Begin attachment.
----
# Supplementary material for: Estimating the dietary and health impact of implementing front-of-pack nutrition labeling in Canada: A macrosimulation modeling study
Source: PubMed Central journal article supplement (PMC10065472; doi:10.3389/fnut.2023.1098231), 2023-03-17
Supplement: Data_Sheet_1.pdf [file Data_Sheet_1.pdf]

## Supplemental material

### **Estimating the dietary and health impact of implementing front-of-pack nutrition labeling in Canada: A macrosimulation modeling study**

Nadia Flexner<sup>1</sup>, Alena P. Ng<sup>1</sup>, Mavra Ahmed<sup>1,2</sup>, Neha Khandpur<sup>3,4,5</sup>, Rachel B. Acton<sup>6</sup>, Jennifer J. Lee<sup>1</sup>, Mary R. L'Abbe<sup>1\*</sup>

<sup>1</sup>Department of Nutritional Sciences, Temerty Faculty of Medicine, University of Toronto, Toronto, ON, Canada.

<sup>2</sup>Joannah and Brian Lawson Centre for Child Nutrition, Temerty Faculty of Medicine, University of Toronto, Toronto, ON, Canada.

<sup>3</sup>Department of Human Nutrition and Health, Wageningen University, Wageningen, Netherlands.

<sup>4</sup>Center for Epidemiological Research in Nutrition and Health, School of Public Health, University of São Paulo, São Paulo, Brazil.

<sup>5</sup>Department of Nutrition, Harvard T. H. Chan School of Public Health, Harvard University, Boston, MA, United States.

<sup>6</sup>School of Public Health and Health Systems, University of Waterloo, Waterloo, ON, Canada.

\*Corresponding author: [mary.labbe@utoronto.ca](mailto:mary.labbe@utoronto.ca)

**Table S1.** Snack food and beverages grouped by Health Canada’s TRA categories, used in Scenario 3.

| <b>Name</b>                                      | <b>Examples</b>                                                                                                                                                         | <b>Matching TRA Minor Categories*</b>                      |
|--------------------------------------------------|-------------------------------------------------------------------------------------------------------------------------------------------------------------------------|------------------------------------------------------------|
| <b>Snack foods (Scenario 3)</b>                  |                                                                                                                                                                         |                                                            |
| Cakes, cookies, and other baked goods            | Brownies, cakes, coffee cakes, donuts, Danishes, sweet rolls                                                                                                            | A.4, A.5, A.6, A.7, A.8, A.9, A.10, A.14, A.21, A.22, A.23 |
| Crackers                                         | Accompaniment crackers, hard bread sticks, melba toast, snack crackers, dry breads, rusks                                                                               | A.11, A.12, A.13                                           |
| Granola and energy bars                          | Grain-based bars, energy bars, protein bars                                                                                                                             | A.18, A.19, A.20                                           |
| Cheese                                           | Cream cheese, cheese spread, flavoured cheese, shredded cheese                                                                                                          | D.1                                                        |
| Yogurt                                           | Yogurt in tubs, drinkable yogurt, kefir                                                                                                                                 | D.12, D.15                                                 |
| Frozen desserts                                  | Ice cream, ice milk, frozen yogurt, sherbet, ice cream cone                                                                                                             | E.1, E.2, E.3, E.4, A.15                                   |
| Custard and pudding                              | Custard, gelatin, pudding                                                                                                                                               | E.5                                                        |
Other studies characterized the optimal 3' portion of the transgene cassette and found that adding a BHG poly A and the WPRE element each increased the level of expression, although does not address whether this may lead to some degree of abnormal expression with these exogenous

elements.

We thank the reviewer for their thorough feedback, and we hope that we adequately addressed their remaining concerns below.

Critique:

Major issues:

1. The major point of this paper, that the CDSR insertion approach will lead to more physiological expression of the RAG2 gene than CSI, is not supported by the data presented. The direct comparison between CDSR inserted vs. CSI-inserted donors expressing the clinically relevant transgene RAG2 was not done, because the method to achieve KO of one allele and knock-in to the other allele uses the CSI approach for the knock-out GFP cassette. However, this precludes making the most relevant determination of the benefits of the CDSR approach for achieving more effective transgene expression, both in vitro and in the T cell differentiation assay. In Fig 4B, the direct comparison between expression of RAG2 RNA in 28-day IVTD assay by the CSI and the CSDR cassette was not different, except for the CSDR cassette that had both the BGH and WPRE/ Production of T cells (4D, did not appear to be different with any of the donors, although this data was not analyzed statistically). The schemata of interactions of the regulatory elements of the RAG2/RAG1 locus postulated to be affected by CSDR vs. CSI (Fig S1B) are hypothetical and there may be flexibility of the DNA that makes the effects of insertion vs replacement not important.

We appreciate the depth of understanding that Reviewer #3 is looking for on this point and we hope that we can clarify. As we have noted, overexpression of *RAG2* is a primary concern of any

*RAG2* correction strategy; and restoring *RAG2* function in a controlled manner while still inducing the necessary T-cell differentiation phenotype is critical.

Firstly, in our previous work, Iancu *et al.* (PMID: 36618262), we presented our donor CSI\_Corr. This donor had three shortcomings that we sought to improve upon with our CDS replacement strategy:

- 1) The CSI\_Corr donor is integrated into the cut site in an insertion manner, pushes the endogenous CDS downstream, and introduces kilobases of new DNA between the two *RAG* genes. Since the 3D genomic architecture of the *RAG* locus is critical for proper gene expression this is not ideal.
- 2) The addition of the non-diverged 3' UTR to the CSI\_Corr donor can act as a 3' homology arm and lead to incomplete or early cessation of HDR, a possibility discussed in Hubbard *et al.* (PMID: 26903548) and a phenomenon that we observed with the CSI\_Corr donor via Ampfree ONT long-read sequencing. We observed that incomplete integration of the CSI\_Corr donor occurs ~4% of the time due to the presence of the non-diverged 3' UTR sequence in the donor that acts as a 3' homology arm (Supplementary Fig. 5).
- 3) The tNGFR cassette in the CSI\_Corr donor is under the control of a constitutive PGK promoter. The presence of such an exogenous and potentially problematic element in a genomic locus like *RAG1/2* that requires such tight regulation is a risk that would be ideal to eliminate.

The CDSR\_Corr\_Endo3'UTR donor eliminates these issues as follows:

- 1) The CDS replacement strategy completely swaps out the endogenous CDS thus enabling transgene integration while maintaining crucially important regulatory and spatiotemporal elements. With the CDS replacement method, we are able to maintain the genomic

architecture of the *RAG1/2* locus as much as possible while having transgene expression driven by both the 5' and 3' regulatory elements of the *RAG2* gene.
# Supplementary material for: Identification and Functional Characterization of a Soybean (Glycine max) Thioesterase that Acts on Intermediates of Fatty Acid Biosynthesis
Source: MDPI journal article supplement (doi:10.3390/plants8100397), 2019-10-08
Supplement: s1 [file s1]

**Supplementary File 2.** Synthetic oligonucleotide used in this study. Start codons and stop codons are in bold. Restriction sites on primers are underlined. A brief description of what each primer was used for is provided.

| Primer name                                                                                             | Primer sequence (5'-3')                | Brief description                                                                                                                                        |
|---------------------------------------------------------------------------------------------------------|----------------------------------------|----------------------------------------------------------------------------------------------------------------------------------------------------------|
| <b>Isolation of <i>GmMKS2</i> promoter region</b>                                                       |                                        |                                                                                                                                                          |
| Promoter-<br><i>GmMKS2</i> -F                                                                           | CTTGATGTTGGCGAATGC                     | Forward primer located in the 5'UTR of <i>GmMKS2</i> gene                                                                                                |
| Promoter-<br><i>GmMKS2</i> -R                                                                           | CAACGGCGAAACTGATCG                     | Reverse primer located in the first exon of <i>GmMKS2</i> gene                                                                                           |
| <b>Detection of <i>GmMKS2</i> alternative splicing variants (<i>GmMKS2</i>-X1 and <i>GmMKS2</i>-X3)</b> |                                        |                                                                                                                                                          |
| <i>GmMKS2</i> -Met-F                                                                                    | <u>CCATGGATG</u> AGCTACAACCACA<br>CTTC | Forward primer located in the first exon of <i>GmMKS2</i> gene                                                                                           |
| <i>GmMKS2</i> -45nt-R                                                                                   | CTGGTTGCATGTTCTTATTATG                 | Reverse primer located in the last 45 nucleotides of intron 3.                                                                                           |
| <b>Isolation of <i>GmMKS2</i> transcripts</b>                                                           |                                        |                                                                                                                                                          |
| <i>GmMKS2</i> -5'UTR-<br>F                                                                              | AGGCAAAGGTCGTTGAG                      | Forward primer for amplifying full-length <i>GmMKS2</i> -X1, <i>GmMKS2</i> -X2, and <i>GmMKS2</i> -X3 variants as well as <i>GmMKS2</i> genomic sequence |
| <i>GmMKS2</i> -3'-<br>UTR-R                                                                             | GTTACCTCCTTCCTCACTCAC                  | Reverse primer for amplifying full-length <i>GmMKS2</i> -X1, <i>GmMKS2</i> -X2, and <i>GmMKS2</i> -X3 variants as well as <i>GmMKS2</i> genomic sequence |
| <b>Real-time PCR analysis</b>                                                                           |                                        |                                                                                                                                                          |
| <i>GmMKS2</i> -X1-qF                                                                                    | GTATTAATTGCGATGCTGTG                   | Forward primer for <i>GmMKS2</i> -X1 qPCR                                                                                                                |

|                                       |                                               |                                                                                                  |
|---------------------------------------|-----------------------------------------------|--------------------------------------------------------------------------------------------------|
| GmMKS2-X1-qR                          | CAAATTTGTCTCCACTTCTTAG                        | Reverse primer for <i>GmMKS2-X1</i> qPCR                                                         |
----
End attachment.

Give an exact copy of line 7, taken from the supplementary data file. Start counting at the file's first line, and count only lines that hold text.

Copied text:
<sup>1</sup>Department of Nutritional Sciences, Temerty Faculty of Medicine, University of Toronto, Toronto, ON, Canada.